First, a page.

Of the many (many) attempts to rework Pac-Man or appropriate that approach to arcade action, Pix The Cat is one of the better efforts. Within its neon-drenched aesthetics, Pix The Cat is a simple, elegant little Pac-Man clone, with all the points, leaderboards and all the rest that retro arcade games come with. The difference here is that Pix The Cat is all about getting points before the time limit runs, where Pac-Man has those ghost things chasing you around.
This little game from Brazil blew us away, what with its poetic narrative, beautiful world, and elegant gameplay. As we wrote in our review: “Like the finest of foreign cinema, this game challenges how the wisdom behind blockbuster design would dictate a game should be put together. It’s constrained by budget and, perhaps, a lack in confidence to go all the way and risk complete innovation, but it’s a beautiful, emotive, and powerful experience, and it’s going to be one of my games of the year.”
Another indie hit from Australia, Hand of Fate is part card game, part dungeon crawler, part action RPG, and all class. As we noted in our review: “It is clear that the development team at Defiant are fans of early era Dungeons & Dragons, with everything in the game supporting a nostalgic love for that unique style of pulp fantasy. As a fan of that genre myself, I could not put Hand of Fate down.”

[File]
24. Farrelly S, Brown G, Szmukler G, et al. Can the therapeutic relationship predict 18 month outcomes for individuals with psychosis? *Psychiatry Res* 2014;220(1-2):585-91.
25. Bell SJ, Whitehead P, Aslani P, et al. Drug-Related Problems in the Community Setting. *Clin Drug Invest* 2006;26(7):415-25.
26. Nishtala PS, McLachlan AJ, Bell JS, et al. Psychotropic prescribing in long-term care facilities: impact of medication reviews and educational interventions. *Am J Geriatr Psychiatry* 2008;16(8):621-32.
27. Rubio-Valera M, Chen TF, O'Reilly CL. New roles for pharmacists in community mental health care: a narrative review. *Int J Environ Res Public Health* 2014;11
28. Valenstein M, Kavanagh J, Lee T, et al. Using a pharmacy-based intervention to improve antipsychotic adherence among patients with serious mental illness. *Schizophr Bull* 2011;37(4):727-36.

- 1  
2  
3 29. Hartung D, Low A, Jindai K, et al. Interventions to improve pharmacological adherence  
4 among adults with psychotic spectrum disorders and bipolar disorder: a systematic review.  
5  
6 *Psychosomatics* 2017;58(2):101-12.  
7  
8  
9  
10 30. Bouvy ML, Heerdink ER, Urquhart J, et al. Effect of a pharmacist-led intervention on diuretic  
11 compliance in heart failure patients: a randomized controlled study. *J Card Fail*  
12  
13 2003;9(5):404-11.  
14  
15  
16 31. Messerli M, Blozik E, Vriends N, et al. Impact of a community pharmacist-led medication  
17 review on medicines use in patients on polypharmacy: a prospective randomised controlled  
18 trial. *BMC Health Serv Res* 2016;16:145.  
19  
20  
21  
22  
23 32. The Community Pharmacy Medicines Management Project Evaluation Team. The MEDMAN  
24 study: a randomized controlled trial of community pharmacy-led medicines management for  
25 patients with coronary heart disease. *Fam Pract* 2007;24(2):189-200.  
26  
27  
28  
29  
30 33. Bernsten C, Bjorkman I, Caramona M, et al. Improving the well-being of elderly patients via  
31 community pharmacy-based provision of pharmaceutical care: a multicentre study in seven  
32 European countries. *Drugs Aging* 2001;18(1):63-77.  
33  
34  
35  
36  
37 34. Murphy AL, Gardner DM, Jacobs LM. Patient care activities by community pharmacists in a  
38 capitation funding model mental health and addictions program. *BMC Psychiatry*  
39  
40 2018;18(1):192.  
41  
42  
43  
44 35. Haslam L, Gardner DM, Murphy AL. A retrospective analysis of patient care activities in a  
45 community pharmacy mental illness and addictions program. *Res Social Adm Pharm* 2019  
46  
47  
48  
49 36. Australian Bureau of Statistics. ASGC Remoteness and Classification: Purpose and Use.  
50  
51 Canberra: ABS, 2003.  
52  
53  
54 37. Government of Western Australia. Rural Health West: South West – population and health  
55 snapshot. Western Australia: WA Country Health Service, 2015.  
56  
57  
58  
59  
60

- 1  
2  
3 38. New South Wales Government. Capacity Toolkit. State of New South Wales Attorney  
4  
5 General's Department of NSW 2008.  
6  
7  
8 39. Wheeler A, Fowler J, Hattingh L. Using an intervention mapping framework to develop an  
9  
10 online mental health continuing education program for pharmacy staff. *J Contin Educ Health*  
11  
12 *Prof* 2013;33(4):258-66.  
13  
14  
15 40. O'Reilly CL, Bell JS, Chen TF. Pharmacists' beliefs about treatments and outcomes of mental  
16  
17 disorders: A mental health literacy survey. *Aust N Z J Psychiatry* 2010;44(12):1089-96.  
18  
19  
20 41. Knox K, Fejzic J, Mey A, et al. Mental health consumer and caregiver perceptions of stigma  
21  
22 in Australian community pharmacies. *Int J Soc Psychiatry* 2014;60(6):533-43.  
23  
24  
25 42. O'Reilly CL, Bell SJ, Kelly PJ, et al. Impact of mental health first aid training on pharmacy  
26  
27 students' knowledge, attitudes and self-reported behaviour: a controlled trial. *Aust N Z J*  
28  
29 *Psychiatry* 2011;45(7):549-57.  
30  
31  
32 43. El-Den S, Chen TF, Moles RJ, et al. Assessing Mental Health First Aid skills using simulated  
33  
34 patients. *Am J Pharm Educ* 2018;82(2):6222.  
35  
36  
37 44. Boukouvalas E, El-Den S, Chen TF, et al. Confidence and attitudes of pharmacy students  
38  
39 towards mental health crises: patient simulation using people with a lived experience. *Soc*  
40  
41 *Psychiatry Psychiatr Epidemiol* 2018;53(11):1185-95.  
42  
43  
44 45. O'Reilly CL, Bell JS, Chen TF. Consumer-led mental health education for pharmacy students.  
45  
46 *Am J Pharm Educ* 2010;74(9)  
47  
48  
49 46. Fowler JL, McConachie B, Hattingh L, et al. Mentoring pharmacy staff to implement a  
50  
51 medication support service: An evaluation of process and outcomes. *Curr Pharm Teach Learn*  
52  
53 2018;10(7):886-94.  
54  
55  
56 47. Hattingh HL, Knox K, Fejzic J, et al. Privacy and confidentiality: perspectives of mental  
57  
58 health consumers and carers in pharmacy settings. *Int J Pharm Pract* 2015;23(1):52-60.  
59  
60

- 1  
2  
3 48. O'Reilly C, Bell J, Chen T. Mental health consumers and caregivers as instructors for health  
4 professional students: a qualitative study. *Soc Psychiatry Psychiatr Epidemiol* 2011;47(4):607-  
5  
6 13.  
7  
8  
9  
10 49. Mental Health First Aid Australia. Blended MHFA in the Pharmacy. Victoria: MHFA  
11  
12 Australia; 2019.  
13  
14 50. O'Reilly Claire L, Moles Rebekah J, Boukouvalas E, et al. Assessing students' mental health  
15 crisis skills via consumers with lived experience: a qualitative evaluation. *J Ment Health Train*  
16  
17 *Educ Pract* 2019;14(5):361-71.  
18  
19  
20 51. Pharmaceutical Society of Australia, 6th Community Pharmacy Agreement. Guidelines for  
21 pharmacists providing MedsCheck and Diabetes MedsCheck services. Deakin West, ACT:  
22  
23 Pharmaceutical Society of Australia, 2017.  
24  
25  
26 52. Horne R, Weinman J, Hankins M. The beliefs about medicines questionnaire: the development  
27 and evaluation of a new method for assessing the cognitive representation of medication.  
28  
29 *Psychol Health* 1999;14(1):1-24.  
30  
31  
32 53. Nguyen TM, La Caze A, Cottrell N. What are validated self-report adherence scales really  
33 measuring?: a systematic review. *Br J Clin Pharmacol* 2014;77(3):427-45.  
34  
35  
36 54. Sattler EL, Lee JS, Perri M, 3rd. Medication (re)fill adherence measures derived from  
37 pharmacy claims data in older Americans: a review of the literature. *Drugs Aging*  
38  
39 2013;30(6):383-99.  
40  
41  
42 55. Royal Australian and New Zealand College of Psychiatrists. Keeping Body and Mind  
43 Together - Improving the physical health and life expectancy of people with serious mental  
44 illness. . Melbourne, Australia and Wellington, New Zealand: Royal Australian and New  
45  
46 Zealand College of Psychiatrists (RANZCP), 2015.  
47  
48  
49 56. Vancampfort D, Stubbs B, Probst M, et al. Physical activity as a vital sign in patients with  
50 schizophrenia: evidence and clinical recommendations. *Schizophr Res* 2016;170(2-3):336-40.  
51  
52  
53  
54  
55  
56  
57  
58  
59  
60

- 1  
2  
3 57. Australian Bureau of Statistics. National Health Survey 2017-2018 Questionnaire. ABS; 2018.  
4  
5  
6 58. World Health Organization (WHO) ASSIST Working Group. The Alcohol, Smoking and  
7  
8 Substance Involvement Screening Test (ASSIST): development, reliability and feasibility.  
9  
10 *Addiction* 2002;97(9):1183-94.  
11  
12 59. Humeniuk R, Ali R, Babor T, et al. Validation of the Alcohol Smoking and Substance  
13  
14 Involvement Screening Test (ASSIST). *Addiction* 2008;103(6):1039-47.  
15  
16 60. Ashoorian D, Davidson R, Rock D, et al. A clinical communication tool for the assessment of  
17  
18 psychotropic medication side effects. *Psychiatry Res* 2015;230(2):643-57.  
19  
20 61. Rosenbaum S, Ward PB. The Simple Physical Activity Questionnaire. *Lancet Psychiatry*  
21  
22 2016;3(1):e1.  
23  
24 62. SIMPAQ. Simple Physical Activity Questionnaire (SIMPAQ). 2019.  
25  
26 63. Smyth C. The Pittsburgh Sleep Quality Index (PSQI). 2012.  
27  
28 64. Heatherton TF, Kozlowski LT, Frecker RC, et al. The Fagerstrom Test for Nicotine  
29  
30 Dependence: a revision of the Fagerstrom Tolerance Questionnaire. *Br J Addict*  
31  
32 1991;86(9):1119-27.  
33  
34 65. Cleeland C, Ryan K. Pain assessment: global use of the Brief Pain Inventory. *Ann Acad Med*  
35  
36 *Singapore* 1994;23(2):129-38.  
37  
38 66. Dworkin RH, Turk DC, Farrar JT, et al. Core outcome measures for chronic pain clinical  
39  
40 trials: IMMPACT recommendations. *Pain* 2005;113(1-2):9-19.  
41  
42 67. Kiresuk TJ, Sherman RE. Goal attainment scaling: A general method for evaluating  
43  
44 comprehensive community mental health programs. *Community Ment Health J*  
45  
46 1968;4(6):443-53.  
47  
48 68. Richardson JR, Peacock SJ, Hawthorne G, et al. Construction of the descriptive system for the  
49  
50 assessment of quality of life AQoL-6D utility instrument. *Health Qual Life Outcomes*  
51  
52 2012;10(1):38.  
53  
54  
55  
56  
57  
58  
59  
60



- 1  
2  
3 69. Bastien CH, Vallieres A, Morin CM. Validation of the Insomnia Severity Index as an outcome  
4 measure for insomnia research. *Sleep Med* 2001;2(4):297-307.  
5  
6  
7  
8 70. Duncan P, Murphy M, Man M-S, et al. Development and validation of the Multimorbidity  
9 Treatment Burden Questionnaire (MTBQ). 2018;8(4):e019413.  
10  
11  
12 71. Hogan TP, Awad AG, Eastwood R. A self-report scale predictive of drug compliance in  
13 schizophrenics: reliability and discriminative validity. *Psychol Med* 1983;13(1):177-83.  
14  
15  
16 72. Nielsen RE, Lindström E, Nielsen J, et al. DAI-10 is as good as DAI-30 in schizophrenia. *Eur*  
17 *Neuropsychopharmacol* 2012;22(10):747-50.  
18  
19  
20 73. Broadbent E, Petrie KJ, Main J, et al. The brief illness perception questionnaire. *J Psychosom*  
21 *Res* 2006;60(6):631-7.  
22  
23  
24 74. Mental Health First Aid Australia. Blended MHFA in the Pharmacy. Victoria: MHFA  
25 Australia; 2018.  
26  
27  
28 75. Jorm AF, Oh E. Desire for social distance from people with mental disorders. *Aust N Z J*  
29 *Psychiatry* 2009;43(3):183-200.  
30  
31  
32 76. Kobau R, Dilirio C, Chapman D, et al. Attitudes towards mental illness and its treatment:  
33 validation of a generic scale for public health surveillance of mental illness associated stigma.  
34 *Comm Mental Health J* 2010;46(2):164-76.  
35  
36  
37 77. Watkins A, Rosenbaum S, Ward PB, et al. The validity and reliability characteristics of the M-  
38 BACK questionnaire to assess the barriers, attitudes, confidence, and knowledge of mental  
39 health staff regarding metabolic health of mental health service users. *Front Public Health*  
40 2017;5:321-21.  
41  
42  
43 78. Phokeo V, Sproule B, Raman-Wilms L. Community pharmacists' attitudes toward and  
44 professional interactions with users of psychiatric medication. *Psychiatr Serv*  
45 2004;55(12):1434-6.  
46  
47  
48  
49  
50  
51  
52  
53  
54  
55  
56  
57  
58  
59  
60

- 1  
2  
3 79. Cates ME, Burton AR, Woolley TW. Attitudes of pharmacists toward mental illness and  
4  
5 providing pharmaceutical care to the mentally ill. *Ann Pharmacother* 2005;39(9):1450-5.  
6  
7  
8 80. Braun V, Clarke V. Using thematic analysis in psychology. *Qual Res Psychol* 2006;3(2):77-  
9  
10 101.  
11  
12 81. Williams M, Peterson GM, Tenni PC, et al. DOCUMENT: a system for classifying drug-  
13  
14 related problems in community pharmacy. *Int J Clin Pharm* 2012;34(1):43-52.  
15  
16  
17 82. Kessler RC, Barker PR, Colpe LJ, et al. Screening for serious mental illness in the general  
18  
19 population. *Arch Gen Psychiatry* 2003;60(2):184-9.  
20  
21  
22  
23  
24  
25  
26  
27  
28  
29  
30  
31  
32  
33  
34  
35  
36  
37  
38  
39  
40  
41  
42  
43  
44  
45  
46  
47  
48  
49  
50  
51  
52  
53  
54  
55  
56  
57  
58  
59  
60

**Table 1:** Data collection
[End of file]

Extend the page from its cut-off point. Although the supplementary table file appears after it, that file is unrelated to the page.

Never Alone is an important game. On the surface it’s a fairly simple but elegant 2D platformer. But then you start digging into the game, and then its real value becomes evident: this game is actually a representation of a culture that we don’t hear about much, and as such it’s more than just a game – it’s an opportunity to learn something new and valuable. As we wrote in our review: “It makes me truly happy to see game developers creating high quality products such as Never Alone that push entertainment boundaries and demonstrate that games can be culturally important.”
A vibrant mix of noir and science-fiction, Transistor is a tactical RPG that you’ve never played before, and you may never play again. It’s the kind of game that would simply not be possible without an independent studio’s capability and willingness to take risks. Sometimes it fails. In this case it does not. As we wrote in our review: “Many call Supergiant Games a video game developer, but not me. I call it an artist and Transistor is its work of art. It starts with a oil painting still, filled with beauty, intrigue and mystery. What would happen if you could step inside?”
Last on our little list is a mix of Dig Dug, Mr. Driller, and a dash of Minecraft. SteamWorld Dig is a very simple game, but it offers up a decent challenge, a good sense of progression, and a really (really) slick art style. As we wrote in our review: “The game is ultimately over far too quickly for its own good, but that’s the sign of a truly entertaining game; I simply wanted more.”
And that’s out list! What are some of your favourite indie games on your PlayStation 4? Let us know in the comments!
– Matt S.
Find me on Twitter: @digitallydownld